In 2006, U. S. interest groups spent $2. 44 billion on reported lobbying expenses- approximately $5 million per Congressman.  A large portion of that expenditure came from multinational corporations (MNCs), the famed special interests who generate and control large amounts of money and are behind the sinister conspiracies in action thrillers. Notwithstanding fantastical story-telling, it is important to investigate why these corporations spend so much money on Capitol Hill. For a basic starting point, if we know that an agent is profit-motivated, and time after time he spends money on an activity, there lies only one inevitable conclusion: that he believes he would be worse off without doing it. Furthermore, long histories of political lobbying in the world also have shown that, on average, such expenditure pays off. For all the literature on corporate strategy, one area of theory that has been covered in comparatively less detail is that of the political relationship between a MNC and its home country, specifically in terms of the role of the MNC in ultimately affecting its home government’s policies. –more–>Lobbying can be generally defined as the expenditure of resources by a firm or group of firms in order to secure a favorable political or legal environment for their activities. Though lobbying actions are most frequently geared toward achieving preferable domestic policies, larger governments with regional or international influence can be petitioned for favorable foreign policies. Domestic interest groups attempt to gain, often indirectly, economic benefits through a government’s exclusive diplomatic channels. Governments often hold a great deal of information unknown to the private sector, as well as direct contacts with officials and lawmakers of foreign countries. As monopolists of force, states also reserve the threat of war as a means to their ends. Economic interest groups can, instead of expending resources on adjusting their business to market conditions, expend those resources on adjusting market conditions to their business (“rent-seeking”).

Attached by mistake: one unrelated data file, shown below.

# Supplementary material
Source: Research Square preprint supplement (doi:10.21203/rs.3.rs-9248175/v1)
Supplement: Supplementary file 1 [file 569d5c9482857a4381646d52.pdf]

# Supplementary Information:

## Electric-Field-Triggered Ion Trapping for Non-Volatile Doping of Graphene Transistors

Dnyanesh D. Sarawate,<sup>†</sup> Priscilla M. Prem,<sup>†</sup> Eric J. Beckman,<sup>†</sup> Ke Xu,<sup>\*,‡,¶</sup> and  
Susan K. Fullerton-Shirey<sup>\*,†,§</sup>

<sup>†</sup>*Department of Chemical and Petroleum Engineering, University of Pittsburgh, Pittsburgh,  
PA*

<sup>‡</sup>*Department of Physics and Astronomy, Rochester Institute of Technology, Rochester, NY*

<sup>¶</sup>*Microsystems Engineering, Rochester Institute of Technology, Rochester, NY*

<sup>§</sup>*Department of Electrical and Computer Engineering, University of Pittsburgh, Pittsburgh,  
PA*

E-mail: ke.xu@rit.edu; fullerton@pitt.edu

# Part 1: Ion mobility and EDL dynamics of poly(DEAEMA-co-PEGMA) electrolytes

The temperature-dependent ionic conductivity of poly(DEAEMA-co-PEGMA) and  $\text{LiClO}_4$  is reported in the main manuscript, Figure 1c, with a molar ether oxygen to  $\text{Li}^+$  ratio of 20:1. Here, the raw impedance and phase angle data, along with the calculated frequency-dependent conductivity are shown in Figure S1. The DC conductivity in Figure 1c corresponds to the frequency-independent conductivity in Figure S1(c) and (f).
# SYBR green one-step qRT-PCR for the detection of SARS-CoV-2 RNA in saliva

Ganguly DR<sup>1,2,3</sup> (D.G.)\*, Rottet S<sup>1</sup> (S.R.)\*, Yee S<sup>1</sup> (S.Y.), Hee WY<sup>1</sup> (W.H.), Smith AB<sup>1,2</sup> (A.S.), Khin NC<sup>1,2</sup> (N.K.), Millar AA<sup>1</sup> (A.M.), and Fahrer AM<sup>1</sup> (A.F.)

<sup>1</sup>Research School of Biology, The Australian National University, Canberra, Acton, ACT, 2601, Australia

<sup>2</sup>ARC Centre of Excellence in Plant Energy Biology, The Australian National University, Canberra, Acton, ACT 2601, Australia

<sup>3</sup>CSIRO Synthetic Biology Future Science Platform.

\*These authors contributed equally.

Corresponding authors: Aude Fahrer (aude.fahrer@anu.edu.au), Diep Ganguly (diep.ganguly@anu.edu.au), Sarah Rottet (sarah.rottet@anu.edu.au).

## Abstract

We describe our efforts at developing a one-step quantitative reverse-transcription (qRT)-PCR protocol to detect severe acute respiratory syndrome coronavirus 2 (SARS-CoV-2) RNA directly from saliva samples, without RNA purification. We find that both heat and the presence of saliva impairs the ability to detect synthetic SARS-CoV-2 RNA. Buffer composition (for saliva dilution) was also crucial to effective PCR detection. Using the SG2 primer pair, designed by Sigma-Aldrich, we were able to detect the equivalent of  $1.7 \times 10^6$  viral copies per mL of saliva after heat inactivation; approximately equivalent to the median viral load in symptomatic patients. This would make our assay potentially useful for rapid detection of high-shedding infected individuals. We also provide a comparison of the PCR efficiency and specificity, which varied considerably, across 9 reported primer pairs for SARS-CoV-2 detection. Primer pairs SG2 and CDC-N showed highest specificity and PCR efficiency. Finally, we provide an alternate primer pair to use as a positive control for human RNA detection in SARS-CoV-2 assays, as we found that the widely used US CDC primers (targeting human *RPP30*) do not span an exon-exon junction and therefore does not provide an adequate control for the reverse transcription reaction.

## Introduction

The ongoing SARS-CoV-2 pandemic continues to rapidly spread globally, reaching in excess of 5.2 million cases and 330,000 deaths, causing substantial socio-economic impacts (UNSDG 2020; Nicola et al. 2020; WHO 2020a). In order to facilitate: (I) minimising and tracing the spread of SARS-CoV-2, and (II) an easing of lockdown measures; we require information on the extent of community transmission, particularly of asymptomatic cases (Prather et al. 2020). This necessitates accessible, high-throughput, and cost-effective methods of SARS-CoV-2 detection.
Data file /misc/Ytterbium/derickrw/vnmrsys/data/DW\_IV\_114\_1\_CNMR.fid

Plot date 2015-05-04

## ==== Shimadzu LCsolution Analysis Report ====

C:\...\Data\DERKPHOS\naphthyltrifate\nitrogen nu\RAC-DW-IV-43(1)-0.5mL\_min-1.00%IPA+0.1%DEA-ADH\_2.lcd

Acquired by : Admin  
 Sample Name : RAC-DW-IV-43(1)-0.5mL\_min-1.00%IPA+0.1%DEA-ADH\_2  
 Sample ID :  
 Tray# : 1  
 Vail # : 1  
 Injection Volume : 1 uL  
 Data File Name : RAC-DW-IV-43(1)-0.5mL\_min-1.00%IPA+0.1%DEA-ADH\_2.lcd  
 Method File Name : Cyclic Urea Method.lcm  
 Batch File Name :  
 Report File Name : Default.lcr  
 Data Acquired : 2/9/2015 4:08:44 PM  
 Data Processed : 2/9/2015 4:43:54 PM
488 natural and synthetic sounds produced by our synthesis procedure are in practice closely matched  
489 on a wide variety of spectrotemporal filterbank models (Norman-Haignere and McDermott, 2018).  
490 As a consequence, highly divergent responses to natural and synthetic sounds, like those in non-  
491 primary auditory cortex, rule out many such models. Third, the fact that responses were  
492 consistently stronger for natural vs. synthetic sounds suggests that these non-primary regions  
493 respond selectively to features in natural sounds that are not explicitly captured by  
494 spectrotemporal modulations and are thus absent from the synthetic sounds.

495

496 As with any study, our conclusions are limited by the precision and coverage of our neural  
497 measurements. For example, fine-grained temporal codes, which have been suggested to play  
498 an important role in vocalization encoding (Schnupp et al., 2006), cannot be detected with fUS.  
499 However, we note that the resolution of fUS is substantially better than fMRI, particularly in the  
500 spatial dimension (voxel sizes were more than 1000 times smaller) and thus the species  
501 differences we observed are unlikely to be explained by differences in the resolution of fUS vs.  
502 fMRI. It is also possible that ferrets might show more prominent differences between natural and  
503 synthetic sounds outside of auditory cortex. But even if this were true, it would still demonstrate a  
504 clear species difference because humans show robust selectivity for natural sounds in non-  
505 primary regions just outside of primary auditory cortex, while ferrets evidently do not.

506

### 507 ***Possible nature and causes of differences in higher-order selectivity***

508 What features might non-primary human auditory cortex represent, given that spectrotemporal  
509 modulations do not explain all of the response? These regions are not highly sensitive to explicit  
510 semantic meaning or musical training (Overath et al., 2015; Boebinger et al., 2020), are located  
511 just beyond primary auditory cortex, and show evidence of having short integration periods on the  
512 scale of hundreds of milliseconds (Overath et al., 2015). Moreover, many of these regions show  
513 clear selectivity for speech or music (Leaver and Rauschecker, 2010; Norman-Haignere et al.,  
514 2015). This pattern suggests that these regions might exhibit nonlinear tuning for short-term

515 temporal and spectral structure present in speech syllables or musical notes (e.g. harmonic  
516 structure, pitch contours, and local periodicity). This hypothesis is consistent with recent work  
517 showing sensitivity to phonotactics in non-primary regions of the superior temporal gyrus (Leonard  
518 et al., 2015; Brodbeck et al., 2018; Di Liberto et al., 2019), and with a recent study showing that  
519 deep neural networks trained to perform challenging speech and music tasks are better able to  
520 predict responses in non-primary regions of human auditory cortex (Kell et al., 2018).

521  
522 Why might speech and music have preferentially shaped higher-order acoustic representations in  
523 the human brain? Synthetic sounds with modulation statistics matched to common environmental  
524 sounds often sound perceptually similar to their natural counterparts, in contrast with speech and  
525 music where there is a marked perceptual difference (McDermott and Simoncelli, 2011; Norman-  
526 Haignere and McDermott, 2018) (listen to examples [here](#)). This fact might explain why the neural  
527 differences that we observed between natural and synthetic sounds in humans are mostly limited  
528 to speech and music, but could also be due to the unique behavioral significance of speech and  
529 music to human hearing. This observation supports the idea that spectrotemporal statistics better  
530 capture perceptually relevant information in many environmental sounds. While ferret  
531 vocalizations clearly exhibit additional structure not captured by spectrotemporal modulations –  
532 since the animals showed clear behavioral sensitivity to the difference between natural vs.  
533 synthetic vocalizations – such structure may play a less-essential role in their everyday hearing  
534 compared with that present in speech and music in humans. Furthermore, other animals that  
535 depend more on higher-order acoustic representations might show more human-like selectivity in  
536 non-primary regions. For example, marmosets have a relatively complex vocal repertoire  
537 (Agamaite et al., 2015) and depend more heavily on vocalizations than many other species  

For markets, lobbying has profound implications. The law has nearly limitless potential to interfere in the economy. Where there is this capability, laws become a commodity to be bought and sold. A fundamental error to make is to think that politics are non-quantifiable and non-economic. To quite the contrary, political structures are simply markets in which the rules are different (albeit radically at times). “Political entrepreneurship” becomes as much a skill as innovation in one’s industry: if the principal goal is profit for a group of people, then a dollar earned productively or coercively is, other things equal, the same.
The United States is the prime example of a powerful nation whose foreign dealings and economic policies are highly responsive to special interests. Both the structures of the electoral system and the government’s coercive powers grant a significant level of policymaking access to private organizations. A thorough examination of the government’s scope of powers, the structure of policymaking institutions, and the long-term trend of increasing reported lobbying expenditure reveals considerable evidence that political proficiency is part of an essential set of skills for the modern U. S. multinational corporation.
General Theory Concerning Multinationals and Lobbying